Janet Jackson gave a documentary crew access for five years, but with Jackson and brother Randy Jackson serving as executive producers the resulting project, “Janet Jackson,” feels too conspicuously like a licensed product. Addressing some uncomfortable parts of her biography but sidestepping others, it’s pretty obvious who’s in control here.
To be fair, plenty of celebrities have been the subject of mostly adoring documentaries, and Jackson has the musical resume to justify such adulation. But few artists come with as much family baggage and history, from the domineering nature of patriarch Joe to the allegations against her brother Michael (detailed in the 2019 documentary “Leaving Neverland”), whose shadow, it’s noted, also hovered over her even as she achieved solo stardom.
Jackson explains the “why now” aspect of this two-night Lifetime presentation (only the first half was made available) by saying, “It’s just something that needs to be done.” The timing comes after a New York Times documentary about the singer’s Super Bowl “wardrobe malfunction,” which highlighted the unfairness of that event and its aftermath in a way that was highly sympathetic to Jackson.
While the opportunity to hear from the youngest sibling of the musically gifted Jackson family brings with it a treasure trove of footage (some previously unseen) and flood of memories, director Benjamin Hirsch appears to be operating within clear parameters that won’t allow for ruffling too many feathers.
Discussing Joe, for example, Jackson says during the opening part that her parents “disciplined all of us,” adding, “Obviously, it worked.” Yet that gives short shrift to the details of her brothers dropping him as their manager, which allowed Joe to focus on Janet before she declared her independence, launching a pair of chart-topping smashes with “Control” and “Rhythm Nation 1814.”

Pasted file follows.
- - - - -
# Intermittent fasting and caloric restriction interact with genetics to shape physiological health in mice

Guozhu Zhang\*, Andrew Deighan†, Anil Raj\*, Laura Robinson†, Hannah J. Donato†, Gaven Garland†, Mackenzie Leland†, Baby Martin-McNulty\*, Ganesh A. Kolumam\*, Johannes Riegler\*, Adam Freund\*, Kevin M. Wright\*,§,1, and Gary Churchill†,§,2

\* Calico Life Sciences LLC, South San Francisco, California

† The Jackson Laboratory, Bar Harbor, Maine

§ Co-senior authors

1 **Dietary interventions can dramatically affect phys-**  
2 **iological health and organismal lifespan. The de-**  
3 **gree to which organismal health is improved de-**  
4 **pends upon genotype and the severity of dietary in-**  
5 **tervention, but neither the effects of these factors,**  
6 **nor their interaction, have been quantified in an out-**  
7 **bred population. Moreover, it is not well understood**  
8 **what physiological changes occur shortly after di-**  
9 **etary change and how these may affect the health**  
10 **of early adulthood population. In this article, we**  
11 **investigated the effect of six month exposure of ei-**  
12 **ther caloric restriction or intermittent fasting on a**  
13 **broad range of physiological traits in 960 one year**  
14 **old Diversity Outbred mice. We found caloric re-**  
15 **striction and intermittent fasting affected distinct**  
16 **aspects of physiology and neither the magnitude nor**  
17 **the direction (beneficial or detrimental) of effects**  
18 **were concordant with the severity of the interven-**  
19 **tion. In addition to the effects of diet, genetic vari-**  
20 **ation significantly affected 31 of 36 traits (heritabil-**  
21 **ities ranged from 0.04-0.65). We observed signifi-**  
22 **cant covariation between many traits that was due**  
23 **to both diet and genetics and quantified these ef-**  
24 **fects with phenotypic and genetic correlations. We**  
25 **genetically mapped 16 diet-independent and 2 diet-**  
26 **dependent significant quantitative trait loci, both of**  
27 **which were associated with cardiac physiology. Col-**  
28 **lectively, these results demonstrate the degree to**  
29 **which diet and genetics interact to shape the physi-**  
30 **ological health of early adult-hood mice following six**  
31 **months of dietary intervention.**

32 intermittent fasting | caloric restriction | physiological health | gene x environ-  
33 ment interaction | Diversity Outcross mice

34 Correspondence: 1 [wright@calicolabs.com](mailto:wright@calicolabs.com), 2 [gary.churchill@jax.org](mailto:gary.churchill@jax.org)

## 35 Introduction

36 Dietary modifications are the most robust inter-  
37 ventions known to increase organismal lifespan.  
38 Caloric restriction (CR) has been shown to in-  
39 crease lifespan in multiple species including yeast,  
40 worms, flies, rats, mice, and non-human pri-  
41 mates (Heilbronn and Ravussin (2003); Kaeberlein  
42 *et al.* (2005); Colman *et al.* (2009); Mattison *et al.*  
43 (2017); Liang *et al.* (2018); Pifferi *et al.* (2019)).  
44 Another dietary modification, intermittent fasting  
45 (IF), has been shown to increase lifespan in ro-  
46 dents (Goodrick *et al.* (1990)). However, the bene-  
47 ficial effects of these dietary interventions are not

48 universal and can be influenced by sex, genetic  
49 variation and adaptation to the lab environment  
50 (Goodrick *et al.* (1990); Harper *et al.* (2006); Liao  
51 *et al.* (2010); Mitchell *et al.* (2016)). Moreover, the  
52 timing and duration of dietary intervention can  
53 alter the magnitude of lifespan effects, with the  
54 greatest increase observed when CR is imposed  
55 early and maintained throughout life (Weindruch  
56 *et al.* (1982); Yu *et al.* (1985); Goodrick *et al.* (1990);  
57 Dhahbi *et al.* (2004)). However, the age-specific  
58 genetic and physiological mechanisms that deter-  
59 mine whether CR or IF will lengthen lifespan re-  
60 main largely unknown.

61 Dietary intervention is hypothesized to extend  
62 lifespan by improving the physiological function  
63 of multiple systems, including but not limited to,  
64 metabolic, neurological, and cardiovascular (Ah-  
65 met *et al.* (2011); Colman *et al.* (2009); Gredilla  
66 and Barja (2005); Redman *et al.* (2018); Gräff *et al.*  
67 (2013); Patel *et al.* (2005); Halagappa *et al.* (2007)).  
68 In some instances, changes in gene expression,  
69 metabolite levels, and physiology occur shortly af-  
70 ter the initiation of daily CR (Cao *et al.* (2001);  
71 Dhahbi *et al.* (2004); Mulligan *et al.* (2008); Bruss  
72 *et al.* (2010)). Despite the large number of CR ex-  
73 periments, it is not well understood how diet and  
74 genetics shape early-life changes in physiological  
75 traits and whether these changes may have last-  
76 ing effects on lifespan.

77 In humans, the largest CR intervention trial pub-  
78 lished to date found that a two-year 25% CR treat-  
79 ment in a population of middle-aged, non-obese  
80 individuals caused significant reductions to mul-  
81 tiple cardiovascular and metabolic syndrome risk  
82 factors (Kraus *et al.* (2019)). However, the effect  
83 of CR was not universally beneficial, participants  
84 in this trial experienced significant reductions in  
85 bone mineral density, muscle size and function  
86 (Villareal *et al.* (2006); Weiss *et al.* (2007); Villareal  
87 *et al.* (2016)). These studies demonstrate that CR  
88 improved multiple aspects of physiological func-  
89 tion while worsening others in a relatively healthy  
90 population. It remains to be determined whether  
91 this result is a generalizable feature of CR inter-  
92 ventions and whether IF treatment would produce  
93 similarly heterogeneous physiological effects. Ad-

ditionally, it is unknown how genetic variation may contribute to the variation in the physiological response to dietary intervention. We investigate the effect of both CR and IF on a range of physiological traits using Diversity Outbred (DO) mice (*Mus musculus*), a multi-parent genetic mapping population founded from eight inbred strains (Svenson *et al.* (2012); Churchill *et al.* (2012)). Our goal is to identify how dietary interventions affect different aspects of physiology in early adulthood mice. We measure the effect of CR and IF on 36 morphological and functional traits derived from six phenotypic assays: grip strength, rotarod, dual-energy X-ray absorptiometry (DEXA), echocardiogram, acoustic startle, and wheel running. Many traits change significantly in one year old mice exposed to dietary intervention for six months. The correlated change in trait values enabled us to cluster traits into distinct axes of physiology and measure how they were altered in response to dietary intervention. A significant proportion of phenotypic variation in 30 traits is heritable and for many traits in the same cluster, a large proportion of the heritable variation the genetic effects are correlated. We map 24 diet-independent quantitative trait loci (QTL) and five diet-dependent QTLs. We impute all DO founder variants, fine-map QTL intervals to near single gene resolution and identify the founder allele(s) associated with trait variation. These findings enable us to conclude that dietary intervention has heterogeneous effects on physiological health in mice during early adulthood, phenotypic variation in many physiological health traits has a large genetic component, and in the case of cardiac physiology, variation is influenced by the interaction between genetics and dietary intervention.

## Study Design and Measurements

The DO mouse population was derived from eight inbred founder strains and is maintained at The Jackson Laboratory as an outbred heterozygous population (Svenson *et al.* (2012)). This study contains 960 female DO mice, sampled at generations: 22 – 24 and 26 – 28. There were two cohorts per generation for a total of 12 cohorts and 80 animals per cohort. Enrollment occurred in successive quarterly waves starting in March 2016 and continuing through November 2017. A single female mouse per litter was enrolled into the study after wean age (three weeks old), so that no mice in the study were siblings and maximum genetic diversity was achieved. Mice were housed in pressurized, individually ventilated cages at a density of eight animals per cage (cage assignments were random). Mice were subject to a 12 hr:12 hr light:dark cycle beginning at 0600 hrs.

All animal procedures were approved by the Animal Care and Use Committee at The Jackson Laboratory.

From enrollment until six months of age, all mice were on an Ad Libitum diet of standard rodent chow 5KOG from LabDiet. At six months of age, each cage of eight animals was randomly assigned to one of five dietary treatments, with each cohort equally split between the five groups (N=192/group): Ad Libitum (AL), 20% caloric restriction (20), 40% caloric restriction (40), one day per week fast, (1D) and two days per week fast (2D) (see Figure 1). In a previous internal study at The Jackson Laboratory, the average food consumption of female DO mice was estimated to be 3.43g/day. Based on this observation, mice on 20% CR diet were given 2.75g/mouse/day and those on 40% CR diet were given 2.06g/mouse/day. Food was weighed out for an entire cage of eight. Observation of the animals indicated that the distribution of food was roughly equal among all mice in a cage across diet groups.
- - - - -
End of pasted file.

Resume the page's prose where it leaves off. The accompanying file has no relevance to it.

In pictures: Janet Jackson
The first part of “Janet Jackson” does address several headline-friendly topics, including questions about Jackson’s short-lived marriage to James DeBarge, and denying the tabloid rumors of her “secret baby.” The responses, however, mostly serve as an indictment of the level of scrutiny and gossip-mongering about the Jacksons through the years.
There’s obviously truth in that, and it’s hard not to wince at footage showing Jackson – at the pinnacle of her career – being peppered with questions about Michael while promoting her tour. Still, “Janet Jackson’s” once-over-lightly approach too often feels narrow in its focus, allowing Jackson to pull back the curtain a little, but not quite enough.
So what is included? Interviews with various family members, third-party celebrity voices praising Jackson, and video like the Jackson 5’s original Motown audition or behind-the-scenes glimpses of Jackson working in the studio (and occasionally butting heads) with producers Jimmy Jam and Terry Lewis.
The Jacksons haven’t suffered for lack of coverage, and there’s interest in hearing their unfiltered side of things. But to those seeking a balanced and unvarnished look, to borrow from one of Jackson’s hits, that’s apparently going to have to wait awhile.
“Janet Jackson” airs Jan. 28-29 at 8 p.m. ET on Lifetime and A&E.